What is a Variable Life Insurance Policy?
A variable life insurance policy allows the account holder to invest a portion of the premium paid for the policy.
How Does a Variable Life Insurance Policy Work?
Let's say John Doe buys a variable life insurance policy and pays $10,000 a year in premiums. Under the terms of the policy, $5,000 of the $10,000 goes toward the death benefit -- a check for $1 million made out to his wife and children when he dies.
The other $5,000 is invested in various instruments -- stocks, bonds, mutual funds, etc. The value of those instruments changes daily (hence the name 'variable life insurance policy'). If the value of these securities rises, John can apply those paper profits toward his premiums (which saves him money). Of course, if the investments don't do well, John still has to pay the full $10,000 premium every year.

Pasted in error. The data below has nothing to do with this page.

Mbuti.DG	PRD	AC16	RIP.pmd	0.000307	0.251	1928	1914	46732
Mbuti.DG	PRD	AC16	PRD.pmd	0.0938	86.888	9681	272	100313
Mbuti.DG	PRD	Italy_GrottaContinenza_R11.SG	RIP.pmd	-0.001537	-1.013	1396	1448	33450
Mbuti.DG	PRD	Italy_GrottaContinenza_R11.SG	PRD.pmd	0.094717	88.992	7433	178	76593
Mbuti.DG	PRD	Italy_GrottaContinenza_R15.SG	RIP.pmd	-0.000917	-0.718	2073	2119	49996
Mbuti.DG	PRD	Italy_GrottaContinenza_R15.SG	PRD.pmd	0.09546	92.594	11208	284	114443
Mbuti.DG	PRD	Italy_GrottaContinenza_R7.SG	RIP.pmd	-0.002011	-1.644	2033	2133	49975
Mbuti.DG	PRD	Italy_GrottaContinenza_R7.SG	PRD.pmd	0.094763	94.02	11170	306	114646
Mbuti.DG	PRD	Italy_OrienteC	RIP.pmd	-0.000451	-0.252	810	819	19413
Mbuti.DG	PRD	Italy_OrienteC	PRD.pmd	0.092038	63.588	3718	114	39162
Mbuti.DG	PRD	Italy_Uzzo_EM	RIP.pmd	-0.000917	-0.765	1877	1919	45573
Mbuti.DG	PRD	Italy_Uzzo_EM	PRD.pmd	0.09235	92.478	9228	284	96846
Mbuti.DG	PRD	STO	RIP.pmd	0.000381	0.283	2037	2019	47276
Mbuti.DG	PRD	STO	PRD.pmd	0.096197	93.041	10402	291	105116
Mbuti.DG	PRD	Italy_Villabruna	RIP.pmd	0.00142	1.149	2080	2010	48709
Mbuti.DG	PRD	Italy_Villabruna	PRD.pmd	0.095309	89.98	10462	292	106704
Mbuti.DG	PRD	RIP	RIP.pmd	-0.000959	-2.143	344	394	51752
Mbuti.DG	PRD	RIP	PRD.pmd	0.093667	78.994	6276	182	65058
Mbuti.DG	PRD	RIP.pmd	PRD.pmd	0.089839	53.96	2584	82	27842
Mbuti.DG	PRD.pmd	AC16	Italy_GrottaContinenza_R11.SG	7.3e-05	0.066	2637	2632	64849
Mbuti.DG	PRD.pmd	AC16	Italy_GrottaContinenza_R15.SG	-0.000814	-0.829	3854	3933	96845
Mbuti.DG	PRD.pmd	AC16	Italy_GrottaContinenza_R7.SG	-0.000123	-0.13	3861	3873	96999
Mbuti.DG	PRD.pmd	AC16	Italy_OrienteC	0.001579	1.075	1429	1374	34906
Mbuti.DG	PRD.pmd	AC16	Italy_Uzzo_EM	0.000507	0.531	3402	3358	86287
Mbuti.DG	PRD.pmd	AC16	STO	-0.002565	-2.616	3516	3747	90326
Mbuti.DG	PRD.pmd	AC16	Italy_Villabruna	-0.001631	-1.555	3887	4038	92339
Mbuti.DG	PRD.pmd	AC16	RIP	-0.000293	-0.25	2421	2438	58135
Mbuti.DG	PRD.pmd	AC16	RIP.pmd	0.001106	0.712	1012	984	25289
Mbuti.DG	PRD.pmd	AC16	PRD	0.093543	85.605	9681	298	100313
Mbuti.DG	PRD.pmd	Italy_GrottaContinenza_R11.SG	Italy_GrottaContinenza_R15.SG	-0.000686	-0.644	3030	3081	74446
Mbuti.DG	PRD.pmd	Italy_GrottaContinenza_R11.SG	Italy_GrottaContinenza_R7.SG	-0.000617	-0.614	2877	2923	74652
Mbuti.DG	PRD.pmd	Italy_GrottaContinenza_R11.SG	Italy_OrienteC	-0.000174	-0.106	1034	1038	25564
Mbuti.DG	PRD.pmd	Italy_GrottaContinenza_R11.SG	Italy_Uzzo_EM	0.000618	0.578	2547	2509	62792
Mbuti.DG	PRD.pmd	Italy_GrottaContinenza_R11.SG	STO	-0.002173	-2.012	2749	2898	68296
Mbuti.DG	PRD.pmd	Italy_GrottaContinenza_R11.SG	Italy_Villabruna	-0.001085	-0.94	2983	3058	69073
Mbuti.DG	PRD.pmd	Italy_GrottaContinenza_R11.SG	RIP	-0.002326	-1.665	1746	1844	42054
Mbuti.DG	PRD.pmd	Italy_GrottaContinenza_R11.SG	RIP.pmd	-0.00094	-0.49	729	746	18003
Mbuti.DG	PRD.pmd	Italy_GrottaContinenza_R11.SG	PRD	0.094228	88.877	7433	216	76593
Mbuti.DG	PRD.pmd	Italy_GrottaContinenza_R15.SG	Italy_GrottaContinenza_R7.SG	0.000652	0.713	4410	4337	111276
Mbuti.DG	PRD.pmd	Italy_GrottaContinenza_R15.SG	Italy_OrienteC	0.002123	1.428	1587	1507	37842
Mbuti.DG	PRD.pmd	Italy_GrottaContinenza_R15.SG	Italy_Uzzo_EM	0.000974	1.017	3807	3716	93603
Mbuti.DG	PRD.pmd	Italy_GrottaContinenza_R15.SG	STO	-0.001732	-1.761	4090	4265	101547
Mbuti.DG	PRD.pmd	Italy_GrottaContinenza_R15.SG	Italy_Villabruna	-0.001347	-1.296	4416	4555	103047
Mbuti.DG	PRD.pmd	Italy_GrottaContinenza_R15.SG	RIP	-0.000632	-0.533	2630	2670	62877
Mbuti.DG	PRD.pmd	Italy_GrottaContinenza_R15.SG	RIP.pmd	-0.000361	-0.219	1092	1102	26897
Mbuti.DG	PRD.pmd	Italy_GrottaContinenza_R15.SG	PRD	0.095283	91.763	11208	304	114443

If the securities perform really poorly, the insurance company might reduce the value of that $1 million death benefit, though the insurance contract should set forth a minimum death benefit (a 'guaranteed death benefit') that his wife and kids will receive no matter how poorly the investments perform (though an absolute guarantee often means paying extra premiums).
The investments in a variable life insurance policy grow tax-deferred, which means that your returns compound at a higher rate than if you had to pay taxes on the gains every year. This can significantly boost the amount that accumulates in the investment accounts.
Why Does a Variable Life Insurance Policy Matter?
Variable life insurance policies are regulated as securities, which means your advisor or insurance agent should give you a prospectus that describes the policy in detail, as well as all the investment options. The important thing about this instrument is that the death benefits and value of the investments can fluctuate with the market. In some cases, the policyholder can borrow against the value of the investments in the account. It is important to note that investors should consider the financial stability of the insurer with which they do business; ratings services such as Standard & Poor's and AM Best help.